Fully under his own power, Moore trudged to his locker room, where he chatted amiably with the press. Aside from a bloodshot left eye, he hardly looked like a man who'd had to throw in the towel a full five rounds before the fight was scheduled to be over. Defeated but not deflated, Moore told reporters "I'll take the rematch, you better believe it. Look, you guys know that when I'm right nothing gets to me. Not nothing. I was off. That's it. plain and simple."

Moore would go on to laugh and joke with reporters: "Just like you writers, if you'd only admit it. Can't write a lick some days. Well, that was me tonight. I just wasn't up to my best."

To the press, the 5-foot-2 Moore may have sounded like an aging fighter trying to explain away his inevitable decline like so many fighters before and since. After all, Father Time remains undefeated in all weight classes. When those reporters rushed back to their ringside seats for the third bout of the evening, they may not have believed that Moore would regain his belt from Ramos, but they likely believed that they would be there to see him try. And they certainly didn't expect that he was about to die.

Shortly after Moore was left alone with Ketchum and sparring partner Ronnie Wilson, he began experiencing sharp headaches. He called for his manager. Moments later, he collapsed into a coma. Seventy-five hours after the fight he was dead at White Memorial Hospital. The cause of death was massive trauma to the brain stem, presumably suffered when the back of his head hit the bottom the rope in the 10th round.

California Governor Pat Brown seized on Moore's death to (again) call for the abolition of boxing. Even the Pope spoke out, proclaiming the sweet science was "contrary to natural principles." Of course, most people were convinced that boxing was actually too close to the sort of base and violent natural principles that English philosopher Thomas Hobbes laid out in Leviathan. One of the voices that rang out in the aftermath of Moore's death belonged to a young folk singer named Bob Dylan, who wrote and performed a song entitled "Who Killed Davey Moore?"

The song was never on any of Dylan's officially released albums during the 1960s but was an occasional part of his live act. When introducing it to a crowd in New York on Halloween 1964, Dylan, in prototypical ironic fashion, said:

"This a song about a boxer...
It's got nothing to do with boxing, it's just a song about a boxer really.
And, uh, it's not even having to do with a boxer, really.
It's got nothing to do with nothing.
But I fit all these words together...
that's all...
It's taken directly from the newspapers,
Nothing's been changed...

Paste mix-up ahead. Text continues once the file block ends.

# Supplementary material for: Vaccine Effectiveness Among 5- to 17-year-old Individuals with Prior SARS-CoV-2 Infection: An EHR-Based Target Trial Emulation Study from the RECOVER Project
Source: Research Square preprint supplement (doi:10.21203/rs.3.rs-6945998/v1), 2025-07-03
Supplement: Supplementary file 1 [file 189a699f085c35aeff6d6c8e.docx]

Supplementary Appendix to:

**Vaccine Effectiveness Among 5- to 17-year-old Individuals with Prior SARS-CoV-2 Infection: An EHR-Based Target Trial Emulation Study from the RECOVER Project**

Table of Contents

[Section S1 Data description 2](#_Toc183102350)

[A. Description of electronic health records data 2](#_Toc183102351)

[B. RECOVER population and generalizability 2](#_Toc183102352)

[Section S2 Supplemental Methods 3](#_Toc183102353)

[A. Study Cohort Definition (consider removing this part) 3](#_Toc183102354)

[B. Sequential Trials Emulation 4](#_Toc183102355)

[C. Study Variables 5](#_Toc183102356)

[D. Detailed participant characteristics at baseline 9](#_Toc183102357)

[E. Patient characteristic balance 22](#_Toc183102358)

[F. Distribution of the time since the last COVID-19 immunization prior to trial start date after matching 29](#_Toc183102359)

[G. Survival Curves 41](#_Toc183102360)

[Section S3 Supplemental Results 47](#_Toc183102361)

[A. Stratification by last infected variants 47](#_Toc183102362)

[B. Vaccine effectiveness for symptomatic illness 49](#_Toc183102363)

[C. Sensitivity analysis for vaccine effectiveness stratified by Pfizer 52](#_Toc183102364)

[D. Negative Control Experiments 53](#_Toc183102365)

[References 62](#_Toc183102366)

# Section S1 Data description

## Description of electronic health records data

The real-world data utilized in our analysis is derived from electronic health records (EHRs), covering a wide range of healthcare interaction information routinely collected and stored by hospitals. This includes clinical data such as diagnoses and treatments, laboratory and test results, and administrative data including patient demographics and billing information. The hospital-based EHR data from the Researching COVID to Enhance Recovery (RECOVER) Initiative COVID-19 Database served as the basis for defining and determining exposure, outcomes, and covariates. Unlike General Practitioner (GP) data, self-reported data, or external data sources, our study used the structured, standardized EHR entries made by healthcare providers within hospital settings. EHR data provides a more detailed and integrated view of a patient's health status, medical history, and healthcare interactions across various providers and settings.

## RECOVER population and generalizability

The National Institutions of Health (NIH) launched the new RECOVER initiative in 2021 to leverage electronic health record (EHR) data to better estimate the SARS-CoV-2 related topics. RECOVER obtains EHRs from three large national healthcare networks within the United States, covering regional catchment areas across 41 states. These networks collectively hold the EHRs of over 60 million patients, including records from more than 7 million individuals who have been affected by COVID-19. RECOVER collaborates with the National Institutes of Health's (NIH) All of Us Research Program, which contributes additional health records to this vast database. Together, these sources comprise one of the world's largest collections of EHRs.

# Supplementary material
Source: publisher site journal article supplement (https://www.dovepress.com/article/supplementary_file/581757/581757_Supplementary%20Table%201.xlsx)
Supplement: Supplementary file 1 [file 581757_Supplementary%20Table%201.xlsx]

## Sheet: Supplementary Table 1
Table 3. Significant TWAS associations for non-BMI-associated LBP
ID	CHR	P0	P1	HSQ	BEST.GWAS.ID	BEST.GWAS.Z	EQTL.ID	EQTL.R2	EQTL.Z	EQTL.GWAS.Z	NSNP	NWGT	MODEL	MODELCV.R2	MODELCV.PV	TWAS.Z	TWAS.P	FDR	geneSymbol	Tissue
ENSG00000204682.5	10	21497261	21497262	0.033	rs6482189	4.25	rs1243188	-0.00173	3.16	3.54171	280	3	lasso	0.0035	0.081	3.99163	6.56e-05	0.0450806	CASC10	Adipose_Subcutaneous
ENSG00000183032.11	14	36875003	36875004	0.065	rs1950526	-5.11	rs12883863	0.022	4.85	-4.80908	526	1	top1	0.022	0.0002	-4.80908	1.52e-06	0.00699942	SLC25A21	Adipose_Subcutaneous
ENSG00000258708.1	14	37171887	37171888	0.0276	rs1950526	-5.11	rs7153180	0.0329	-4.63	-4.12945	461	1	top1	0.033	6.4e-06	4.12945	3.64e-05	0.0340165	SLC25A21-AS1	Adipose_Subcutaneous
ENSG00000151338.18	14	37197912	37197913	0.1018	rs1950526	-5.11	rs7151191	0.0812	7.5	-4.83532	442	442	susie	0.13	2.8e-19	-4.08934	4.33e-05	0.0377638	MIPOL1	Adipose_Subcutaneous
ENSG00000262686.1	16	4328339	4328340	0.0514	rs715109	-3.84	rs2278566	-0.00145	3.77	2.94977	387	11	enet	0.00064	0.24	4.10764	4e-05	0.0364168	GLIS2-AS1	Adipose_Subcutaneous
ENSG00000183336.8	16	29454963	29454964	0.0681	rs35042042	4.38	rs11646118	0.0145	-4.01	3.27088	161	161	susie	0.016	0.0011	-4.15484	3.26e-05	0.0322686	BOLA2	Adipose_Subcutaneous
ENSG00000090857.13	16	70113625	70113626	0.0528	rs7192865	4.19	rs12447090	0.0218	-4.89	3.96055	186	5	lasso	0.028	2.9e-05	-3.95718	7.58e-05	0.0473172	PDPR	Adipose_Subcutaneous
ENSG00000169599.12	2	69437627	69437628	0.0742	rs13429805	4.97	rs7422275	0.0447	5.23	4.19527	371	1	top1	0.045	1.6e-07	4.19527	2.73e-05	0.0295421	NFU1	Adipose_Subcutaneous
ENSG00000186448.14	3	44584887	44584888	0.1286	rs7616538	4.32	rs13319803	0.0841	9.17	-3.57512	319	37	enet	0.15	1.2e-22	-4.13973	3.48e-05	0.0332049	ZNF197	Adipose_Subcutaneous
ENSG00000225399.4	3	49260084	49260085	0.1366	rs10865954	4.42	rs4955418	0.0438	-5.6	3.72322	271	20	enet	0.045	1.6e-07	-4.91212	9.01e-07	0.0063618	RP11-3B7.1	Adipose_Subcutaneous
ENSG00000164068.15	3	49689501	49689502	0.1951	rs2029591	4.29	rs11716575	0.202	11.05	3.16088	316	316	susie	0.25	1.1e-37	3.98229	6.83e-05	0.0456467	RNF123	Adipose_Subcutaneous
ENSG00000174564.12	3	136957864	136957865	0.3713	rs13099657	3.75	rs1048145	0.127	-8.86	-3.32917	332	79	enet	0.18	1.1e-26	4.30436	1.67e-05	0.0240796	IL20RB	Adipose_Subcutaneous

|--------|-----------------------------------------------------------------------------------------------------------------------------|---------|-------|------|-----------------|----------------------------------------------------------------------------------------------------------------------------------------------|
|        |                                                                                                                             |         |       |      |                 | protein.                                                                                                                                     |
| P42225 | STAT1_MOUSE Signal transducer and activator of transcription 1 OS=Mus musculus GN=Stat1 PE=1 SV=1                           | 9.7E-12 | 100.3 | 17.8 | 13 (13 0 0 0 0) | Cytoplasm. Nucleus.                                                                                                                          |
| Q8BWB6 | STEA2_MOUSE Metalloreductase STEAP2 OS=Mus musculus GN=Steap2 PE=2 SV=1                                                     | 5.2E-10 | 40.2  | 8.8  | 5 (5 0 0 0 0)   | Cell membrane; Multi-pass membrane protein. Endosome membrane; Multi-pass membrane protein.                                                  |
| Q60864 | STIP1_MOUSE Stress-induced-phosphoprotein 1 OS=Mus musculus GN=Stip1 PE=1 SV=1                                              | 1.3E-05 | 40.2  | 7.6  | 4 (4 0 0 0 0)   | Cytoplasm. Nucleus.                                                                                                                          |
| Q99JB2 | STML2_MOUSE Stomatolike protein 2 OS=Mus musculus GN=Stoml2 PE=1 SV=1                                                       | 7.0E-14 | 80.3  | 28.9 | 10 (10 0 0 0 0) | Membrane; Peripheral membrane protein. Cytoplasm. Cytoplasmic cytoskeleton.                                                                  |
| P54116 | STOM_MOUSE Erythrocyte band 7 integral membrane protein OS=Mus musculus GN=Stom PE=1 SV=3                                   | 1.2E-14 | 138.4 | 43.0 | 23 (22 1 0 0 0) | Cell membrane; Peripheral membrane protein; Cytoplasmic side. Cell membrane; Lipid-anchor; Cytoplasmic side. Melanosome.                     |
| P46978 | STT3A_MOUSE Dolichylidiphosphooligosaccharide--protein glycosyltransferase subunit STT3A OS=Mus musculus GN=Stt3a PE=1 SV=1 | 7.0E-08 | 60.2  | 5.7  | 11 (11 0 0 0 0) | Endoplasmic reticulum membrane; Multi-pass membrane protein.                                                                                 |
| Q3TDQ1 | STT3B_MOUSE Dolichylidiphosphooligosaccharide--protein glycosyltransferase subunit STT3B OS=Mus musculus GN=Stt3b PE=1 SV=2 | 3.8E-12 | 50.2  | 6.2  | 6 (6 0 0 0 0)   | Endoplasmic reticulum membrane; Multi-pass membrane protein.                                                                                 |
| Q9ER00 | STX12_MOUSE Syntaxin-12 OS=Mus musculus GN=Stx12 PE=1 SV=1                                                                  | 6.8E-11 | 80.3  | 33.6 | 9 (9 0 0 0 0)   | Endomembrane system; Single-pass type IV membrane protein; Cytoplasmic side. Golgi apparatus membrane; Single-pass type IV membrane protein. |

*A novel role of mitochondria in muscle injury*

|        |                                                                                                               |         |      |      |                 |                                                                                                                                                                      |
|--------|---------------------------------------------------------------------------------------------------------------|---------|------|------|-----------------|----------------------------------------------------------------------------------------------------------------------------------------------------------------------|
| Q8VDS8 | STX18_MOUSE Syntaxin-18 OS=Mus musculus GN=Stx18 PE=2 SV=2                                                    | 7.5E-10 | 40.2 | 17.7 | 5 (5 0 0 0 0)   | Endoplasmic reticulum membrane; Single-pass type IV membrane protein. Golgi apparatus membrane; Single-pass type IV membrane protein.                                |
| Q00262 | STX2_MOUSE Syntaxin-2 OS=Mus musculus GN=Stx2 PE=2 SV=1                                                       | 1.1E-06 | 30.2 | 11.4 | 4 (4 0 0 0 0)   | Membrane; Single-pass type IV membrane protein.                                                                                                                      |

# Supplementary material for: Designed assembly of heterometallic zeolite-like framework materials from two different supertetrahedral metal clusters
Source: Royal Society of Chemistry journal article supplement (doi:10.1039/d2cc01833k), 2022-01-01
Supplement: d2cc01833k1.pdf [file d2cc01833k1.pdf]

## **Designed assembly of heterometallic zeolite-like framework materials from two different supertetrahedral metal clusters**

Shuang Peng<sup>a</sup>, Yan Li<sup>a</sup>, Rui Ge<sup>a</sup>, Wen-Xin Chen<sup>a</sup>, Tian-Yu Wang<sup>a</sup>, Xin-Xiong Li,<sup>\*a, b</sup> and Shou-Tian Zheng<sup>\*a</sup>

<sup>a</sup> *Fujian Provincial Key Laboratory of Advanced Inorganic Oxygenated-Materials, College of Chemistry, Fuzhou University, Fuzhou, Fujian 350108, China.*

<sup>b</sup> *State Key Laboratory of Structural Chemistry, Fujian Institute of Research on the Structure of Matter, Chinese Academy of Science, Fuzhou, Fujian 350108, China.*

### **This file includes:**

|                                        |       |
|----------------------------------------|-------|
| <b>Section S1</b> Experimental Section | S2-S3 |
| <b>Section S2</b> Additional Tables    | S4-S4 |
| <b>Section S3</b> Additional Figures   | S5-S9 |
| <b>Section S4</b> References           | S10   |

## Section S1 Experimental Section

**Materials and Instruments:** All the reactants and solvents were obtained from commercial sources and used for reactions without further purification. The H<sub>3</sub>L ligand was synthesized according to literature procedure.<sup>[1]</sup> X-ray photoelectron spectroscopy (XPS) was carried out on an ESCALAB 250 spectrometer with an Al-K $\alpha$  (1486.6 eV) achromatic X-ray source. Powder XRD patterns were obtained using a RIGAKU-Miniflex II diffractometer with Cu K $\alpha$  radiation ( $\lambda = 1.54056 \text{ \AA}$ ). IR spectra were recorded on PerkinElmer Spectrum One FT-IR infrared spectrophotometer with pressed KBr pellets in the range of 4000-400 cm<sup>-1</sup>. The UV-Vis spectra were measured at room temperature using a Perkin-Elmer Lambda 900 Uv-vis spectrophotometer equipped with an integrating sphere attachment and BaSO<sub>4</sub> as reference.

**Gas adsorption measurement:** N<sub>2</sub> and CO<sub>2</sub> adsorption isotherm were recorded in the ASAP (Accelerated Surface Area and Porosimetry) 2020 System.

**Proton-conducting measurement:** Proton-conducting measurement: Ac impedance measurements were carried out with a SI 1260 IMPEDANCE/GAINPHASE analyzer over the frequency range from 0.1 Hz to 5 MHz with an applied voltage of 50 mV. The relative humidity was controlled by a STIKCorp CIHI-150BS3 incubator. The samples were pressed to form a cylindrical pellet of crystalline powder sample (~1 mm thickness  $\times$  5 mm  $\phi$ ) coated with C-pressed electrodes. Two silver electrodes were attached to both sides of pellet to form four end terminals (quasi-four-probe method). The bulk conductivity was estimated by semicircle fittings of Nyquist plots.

Except for the words."

The prominence of topical songs during the 1950s and '60s and in Dylan's early folk/protest work made such a subject far less unusual than it might seem from the distance of nearly 50 years. Because other than Tom Morello, formerly of Rage Against the Machine and now of The Nightwatchman, I can't fathom any serious contemporary musician devoting an entire song (and space in their setlist) to asking "Who Killed Dave Duerson?"

"Who Killed Davey Moore?" by Bob Dylan:

Who killed Davey Moore
Why an’ what’s the reason for?

“Not I,” says the referee
“Don’t point your finger at me
I could’ve stopped it in the eighth
An’ maybe kept him from his fate
But the crowd would’ve booed, I’m sure
At not gettin’ their money’s worth
It’s too bad he had to go
But there was a pressure on me too, you know
It wasn’t me that made him fall
No, you can’t blame me at all”

Who killed Davey Moore
Why an’ what’s the reason for?

“Not us,” says the angry crowd
Whose screams filled the arena loud
“It’s too bad he died that night
But we just like to see a fight
We didn’t mean for him t’ meet his death
We just meant to see some sweat
There ain’t nothing wrong in that
It wasn’t us that made him fall
No, you can’t blame us at all”

Who killed Davey Moore
Why an’ what’s the reason for?

“Not me,” says his manager
Puffing on a big cigar
“It’s hard to say, it’s hard to tell
I always thought that he was well
It’s too bad for his wife an’ kids he’s dead
But if he was sick, he should’ve said
It wasn’t me that made him fall
No, you can’t blame me at all”

Who killed Davey Moore
Why an’ what’s the reason for?

“Not me,” says the gambling man
With his ticket stub still in his hand
“It wasn’t me that knocked him down
My hands never touched him none
I didn’t commit no ugly sin
Anyway, I put money on him to win
It wasn’t me that made him fall
No, you can’t blame me at all”

Who killed Davey Moore
Why an’ what’s the reason for?

“Not me,” says the boxing writer
Pounding print on his old typewriter
Sayin’, “Boxing ain’t to blame
There’s just as much danger in a football game”
Sayin’, “Fistfighting is here to stay
It’s just the old American way
It wasn’t me that made him fall
No, you can’t blame me at all”

Who killed Davey Moore
Why an’ what’s the reason for?

“Not me,” says the man whose fists
Laid him low in a cloud of mist
Who came here from Cuba’s door
Where boxing ain’t allowed no more
“I hit him, yes, it’s true
But that’s what I am paid to do
Don’t say ‘murder,’ don’t say ‘kill’
It was destiny, it was God’s will”

Who killed Davey Moore
Why an’ what’s the reason for?

(Happy 70th birthday, Bob)